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Criminal charges necessary in Equatorial Guinea executions

Romana St. Matthew-Daniel [Press Secretary, International Bar Association Human Rights Institute]: "In its 2003 report on the administration of justice in Equatorial Guinea (Equatorial Guinea: At the Crossroads [PDF]) the International Bar Association's Human Rights Institute (IBAHRI) uncovered little respect for the rule of law and separation of powers, torture, failure of proper trial processes and lack of an independent judiciary. It is disheartening to see that in the ensuing seven years little appears to have changed.

Thus, the IBAHRI is gravely concerned about the news from Equatorial Guinea of the execution of four alleged coup plotters just an hour after they were sentenced. By denying them leave to appeal, the military tribunal violated a human right enshrined in Article 14(5) of the International Covenant on Civil and Political Rights: 'Everyone convicted of a crime shall have the right to his conviction and sentence being reviewed by a higher tribunal according to law.' As a party to the ICCPR, Equatorial Guinea has therefore put itself in breach of its obligations under international law.

The IBAHRI is also concerned by reports that the executed people were subjected to torture whilst held at Black Beach prison after their abduction. Torture is universally regarded as a violation of international law. It is condemned by the Convention against Torture and Other Cruel, Inhuman or Degrading Treatment or Punishment [PDF], a treaty to which Equatorial Guinea acceded on 8 Oct 2002. This practice must stop and those responsible for ordering these crimes punished for Equatorial Guinea to achieve concord with international law.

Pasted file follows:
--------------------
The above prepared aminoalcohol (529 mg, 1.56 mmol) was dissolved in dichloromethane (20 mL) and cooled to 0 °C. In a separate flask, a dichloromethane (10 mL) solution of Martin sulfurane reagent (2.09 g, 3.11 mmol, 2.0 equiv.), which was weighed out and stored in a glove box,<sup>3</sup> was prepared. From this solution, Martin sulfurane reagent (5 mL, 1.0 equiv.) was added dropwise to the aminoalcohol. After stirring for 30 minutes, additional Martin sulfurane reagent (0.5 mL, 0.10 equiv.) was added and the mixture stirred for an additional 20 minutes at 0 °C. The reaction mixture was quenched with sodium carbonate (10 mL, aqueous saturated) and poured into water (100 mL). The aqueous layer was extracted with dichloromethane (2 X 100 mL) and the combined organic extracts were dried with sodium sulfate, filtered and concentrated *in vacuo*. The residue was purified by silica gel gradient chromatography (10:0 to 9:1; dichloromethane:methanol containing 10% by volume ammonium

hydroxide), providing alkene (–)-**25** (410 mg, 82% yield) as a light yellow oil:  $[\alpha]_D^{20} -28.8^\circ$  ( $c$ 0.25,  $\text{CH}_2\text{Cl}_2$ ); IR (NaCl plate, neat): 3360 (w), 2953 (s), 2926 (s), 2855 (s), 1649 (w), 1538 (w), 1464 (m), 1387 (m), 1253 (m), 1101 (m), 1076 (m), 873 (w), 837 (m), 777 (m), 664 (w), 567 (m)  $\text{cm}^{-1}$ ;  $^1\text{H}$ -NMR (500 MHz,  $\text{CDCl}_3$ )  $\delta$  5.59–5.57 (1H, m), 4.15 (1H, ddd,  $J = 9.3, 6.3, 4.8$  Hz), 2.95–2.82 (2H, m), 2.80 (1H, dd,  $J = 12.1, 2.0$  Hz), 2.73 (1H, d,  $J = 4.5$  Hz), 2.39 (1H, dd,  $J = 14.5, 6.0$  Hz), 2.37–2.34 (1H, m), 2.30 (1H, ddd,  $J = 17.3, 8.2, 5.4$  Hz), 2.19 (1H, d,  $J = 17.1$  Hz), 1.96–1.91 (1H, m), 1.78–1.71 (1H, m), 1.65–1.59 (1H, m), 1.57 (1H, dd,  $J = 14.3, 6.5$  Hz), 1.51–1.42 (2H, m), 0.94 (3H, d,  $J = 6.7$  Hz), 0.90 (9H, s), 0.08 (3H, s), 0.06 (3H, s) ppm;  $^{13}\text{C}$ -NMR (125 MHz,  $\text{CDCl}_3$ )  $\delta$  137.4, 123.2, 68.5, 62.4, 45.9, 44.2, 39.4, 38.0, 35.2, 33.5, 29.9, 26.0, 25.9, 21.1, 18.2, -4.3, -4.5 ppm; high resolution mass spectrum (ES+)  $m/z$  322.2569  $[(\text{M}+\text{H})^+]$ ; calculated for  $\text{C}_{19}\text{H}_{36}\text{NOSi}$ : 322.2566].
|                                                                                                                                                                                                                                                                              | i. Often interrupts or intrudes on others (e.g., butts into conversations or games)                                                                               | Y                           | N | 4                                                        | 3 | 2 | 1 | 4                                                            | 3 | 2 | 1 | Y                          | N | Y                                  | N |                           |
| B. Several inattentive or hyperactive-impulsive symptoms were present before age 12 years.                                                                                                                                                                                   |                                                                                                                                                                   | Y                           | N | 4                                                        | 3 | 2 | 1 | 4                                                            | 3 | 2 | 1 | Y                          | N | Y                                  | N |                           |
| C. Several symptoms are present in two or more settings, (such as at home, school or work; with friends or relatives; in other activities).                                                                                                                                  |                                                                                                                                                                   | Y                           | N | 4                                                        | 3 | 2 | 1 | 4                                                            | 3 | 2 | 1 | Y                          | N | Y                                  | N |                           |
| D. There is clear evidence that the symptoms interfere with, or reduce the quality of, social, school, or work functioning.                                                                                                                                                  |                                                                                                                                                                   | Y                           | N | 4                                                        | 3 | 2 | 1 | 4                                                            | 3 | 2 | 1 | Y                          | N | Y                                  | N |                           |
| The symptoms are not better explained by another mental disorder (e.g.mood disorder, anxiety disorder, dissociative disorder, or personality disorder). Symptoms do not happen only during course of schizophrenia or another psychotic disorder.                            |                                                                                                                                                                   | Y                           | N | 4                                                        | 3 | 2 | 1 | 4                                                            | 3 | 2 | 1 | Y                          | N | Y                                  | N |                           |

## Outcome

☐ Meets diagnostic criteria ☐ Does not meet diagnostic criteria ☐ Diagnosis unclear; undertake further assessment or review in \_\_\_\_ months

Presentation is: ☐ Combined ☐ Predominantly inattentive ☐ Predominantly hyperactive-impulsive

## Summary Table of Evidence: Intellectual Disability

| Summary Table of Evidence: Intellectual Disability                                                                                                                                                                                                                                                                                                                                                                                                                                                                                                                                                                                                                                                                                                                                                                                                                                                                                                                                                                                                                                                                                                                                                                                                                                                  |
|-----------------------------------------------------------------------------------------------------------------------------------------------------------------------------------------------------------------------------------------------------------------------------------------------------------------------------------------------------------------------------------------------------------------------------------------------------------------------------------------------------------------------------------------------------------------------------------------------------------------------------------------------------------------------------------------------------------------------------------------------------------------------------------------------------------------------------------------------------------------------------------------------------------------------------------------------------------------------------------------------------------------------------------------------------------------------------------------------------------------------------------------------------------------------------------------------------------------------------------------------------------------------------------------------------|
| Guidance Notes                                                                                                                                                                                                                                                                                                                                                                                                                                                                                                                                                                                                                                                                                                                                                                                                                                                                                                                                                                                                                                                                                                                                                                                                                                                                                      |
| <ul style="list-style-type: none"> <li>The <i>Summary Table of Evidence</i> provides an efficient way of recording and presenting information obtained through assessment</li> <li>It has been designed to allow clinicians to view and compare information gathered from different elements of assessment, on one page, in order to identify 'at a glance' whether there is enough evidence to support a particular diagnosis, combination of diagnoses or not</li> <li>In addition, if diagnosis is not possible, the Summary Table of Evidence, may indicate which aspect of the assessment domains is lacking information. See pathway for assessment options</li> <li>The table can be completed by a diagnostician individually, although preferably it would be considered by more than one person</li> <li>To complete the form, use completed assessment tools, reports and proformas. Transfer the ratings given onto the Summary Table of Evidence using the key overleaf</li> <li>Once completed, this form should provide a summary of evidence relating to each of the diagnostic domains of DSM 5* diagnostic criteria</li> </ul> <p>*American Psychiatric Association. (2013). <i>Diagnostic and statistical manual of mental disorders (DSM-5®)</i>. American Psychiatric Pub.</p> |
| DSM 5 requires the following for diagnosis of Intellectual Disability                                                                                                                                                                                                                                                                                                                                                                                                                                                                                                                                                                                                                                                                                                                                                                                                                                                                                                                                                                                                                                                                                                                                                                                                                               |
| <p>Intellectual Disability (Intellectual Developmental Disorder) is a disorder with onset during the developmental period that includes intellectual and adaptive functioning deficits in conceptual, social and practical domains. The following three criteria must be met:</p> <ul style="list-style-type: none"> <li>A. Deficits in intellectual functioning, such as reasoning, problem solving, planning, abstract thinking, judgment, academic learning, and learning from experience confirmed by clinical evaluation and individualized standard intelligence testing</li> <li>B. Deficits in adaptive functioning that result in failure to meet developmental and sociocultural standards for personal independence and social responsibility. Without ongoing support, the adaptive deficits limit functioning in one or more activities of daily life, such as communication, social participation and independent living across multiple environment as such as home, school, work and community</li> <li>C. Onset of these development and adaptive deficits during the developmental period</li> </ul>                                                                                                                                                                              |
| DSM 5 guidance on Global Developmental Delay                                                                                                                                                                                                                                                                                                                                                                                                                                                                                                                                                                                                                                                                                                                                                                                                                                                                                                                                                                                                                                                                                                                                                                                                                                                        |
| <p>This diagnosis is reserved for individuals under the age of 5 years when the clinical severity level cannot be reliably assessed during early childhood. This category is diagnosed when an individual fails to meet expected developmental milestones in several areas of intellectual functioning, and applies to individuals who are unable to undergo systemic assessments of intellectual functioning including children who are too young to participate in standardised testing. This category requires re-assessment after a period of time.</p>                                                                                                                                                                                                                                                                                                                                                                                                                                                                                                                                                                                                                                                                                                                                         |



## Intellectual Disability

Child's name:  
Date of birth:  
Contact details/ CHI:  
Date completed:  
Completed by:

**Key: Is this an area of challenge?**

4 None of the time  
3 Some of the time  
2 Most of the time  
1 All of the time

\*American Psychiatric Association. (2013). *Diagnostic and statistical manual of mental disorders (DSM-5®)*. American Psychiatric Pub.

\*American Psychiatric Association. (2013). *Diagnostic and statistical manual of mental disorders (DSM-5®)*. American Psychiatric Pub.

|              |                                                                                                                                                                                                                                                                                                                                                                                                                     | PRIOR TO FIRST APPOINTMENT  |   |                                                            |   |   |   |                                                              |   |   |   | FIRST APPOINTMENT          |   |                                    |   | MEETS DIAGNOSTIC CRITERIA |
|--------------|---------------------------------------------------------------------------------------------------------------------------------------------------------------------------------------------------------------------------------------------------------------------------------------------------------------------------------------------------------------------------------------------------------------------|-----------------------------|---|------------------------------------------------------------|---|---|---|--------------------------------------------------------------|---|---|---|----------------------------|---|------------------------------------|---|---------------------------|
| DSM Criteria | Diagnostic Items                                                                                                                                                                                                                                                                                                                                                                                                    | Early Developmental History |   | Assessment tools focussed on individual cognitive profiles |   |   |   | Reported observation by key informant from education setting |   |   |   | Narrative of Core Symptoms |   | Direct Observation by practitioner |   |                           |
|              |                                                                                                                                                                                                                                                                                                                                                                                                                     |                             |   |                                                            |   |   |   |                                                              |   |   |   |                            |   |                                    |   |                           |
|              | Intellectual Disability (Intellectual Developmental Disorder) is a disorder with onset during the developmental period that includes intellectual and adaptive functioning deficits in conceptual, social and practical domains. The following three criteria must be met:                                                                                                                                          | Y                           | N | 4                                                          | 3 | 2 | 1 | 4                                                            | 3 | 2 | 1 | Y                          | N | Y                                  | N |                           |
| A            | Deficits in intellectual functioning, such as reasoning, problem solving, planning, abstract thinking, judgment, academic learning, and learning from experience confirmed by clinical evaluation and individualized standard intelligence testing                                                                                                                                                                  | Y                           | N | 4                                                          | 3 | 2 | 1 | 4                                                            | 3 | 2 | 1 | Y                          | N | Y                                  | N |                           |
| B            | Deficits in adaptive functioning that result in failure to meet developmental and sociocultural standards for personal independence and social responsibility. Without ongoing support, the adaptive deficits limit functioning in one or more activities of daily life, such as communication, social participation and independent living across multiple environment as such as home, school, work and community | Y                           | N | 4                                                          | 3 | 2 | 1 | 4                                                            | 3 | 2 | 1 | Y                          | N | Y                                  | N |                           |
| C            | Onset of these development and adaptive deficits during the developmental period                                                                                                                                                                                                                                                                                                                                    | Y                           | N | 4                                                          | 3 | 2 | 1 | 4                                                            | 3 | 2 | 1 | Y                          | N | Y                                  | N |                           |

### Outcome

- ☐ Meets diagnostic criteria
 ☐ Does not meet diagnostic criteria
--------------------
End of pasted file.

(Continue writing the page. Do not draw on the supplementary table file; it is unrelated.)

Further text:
The IBAHRI notes that the abduction of the four from Benin in January 2010 violates the sovereignty of Benin. The forerunner of the International Criminal Court, the Permanent Court of International Justice, set forth a basic rule: 'the first and foremost restriction imposed by international law upon a State is that - failing the existence of a permissive rule to the contrary - it may not exercise its power in any form in the territory of another State.' (Case of the S.S. "Lotus" (France v. Turkey), P.C.I.J. Series A, No. 10, at p. 18) Agents of one State who abduct someone in another State are exercising State power. There is no general rule of international law permitting that kind of State power in the territory of another State. Benin did not consent to the exercise of such power.

In the view of the IBAHRI, confessions or evidence obtained under torture, denial of right to appeal a conviction, and abduction without extradition all constitute serious violations of the human rights of persons subjected to criminal proceedings, which are if anything more exacting when applied in capital cases.

The executions put Equatorial Guinea at odds with current legal standards and guidelines on the death penalty, including but not limited to the right to life guaranteed by Article 3 Universal Declaration of Human Rights (UDHR), Article 6 of the ICCPR, and UN General Assembly Resolutions 62/149 (2007) [PDF] and 63/168 (2008) that call for a moratorium on the death penalty. On 15 May 2008, the Council of the IBAHRI passed a Resolution calling for an end to the death penalty worldwide. The Resolution commits the IBAHRI to actively promote the abolition of the death penalty and to recommend that all states take immediate steps towards imposing a moratorium on capital punishment in the interim. The IBAHRI urges Equatorial Guinea to address its responsibilities to uphold the right to life, and in so doing, readdress its use of the death penalty."

Opinions expressed in JURIST Commentary are the sole responsibility of the author and do not necessarily reflect the views of JURIST's editors, staff, donors or the University of Pittsburgh.

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